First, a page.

Treatment Strategies for Receptive Language Delay

When it comes to addressing receptive language delay, there are various treatment strategies that can be beneficial for individuals experiencing challenges in understanding spoken language. Two key approaches are speech and language therapy and early intervention.

Speech and Language Therapy

Speech and language therapy, conducted by a licensed speech-language pathologist, is a common and effective treatment for receptive language delay. The therapist will develop and implement a treatment plan tailored to the specific needs of the individual [1]. The therapy sessions focus on improving receptive language skills through a variety of techniques and activities.

During therapy, the speech-language pathologist may use strategies such as:

  • Repetition and Modeling: The therapist may repeat words and phrases, emphasizing correct pronunciation and meaning, to help the individual develop a better understanding of language.
  • Visual Supports: Visual aids, such as pictures, symbols, or gestures, can be used to enhance comprehension and reinforce language concepts.
  • Structured Activities: Engaging in structured activities that incorporate receptive language skills, such as following instructions or participating in interactive games, can help individuals practice understanding and responding to spoken language.

Speech and language therapy for receptive language delay is typically carried out on a regular basis, and progress is monitored and adjusted as needed. Consistency and ongoing practice outside of therapy sessions are also important for maximizing the benefits of treatment.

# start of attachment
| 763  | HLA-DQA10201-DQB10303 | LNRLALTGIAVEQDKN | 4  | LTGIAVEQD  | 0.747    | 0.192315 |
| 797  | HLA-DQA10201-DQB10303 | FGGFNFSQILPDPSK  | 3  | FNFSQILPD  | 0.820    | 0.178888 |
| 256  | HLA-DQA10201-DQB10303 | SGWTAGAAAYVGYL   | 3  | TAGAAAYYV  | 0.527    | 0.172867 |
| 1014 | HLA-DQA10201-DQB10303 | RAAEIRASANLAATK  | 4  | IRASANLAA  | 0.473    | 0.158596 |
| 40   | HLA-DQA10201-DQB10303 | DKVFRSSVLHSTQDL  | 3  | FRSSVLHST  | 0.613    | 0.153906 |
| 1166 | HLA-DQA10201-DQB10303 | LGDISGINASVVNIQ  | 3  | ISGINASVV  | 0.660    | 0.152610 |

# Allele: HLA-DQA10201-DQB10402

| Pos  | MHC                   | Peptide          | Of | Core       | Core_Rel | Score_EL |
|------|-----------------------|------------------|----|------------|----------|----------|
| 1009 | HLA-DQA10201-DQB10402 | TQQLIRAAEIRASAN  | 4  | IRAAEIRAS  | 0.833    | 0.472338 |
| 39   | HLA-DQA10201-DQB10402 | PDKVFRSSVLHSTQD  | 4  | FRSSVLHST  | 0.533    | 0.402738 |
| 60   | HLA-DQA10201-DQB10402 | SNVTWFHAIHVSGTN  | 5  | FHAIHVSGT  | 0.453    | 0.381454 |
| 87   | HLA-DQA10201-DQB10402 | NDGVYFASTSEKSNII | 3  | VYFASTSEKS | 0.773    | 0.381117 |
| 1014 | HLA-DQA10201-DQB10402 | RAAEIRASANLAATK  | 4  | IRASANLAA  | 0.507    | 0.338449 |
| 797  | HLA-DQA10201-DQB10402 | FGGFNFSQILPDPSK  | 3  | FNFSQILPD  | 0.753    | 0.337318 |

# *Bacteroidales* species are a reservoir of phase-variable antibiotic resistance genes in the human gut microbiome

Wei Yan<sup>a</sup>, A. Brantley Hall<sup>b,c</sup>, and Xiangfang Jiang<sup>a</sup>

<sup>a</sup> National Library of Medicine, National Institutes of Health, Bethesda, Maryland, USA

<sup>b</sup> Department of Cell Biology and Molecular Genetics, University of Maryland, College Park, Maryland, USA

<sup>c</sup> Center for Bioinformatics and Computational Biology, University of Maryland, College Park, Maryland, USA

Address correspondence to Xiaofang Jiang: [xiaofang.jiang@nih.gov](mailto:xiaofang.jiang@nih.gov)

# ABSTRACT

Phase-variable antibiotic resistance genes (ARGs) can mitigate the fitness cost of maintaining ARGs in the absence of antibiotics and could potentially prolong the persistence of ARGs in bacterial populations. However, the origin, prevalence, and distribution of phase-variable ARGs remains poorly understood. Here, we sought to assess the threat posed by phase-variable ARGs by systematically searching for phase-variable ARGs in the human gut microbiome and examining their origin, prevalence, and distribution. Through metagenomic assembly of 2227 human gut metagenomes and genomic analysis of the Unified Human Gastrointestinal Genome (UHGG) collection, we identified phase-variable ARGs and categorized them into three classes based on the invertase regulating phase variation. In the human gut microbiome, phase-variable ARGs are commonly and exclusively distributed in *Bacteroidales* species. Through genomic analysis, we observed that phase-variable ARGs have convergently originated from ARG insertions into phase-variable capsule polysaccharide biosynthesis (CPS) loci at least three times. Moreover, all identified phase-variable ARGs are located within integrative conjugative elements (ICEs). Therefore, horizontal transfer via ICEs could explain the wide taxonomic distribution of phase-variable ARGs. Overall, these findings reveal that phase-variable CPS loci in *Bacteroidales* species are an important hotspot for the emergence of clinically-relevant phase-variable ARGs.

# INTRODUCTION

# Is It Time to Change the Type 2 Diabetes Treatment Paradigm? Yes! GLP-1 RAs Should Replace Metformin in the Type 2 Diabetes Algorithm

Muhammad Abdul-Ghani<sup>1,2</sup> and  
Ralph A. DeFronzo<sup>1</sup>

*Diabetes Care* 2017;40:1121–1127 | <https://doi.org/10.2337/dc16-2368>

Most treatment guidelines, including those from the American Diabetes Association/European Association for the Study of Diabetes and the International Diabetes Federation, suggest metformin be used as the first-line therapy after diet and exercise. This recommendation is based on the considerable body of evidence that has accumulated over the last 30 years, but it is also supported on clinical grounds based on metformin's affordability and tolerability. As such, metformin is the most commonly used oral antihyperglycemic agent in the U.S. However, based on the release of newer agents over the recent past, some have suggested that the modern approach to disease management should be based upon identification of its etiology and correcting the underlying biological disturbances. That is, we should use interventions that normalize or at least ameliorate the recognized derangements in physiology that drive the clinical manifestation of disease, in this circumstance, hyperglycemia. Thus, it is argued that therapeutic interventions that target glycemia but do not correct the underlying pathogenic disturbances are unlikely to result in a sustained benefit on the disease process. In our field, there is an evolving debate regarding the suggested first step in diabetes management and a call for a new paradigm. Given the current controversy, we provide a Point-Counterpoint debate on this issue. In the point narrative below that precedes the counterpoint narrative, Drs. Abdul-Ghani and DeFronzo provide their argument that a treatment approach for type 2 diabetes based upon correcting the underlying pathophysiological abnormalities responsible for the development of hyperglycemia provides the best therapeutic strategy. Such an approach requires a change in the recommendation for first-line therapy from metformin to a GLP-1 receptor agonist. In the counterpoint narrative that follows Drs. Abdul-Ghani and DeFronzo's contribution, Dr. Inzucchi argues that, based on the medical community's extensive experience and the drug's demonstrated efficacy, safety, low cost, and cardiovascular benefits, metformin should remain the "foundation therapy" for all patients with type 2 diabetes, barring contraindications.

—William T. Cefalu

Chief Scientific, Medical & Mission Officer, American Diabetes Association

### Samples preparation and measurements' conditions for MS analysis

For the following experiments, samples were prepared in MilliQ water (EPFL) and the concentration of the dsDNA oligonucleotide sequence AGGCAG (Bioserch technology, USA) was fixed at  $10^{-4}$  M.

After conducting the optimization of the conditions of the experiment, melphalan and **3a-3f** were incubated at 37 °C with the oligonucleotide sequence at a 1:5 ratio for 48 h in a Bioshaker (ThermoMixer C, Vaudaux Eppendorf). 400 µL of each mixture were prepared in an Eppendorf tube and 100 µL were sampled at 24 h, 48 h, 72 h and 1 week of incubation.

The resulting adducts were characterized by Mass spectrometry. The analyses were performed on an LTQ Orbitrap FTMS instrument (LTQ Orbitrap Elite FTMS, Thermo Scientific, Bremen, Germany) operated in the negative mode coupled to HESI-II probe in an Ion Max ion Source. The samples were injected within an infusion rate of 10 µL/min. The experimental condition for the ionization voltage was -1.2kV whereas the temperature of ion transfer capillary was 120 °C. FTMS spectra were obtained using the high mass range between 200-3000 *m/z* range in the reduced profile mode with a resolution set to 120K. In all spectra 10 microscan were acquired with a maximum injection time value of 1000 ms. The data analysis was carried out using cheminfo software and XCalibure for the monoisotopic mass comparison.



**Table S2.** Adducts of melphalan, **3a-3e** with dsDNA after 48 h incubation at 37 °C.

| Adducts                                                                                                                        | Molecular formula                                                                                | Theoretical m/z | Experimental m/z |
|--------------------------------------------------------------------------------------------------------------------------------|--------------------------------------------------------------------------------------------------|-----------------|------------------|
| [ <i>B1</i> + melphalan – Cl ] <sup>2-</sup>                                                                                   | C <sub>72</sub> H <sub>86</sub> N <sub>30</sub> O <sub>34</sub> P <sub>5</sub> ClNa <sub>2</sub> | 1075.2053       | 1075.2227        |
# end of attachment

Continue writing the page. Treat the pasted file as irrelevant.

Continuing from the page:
Importance of Early Intervention

Early intervention plays a crucial role in the treatment of receptive language delay. The earlier the intervention, the better the chances of improving language skills and preventing potential associated difficulties, such as social, learning, and emotional problems.

By identifying receptive language delay early on, parents, caregivers, and educators can seek appropriate support and interventions. This may involve working closely with a speech-language pathologist or early intervention specialist who can provide guidance on strategies and techniques to enhance language development.

It's important to note that receptive language delay generally isn't linked to intelligence and may not fade away on its own. However, with early recognition of symptoms and prompt action to address them, significant improvements can be made [3]. Seeking professional help and implementing strategies tailored to the individual's needs can make a positive difference in their receptive language skills and overall communication abilities.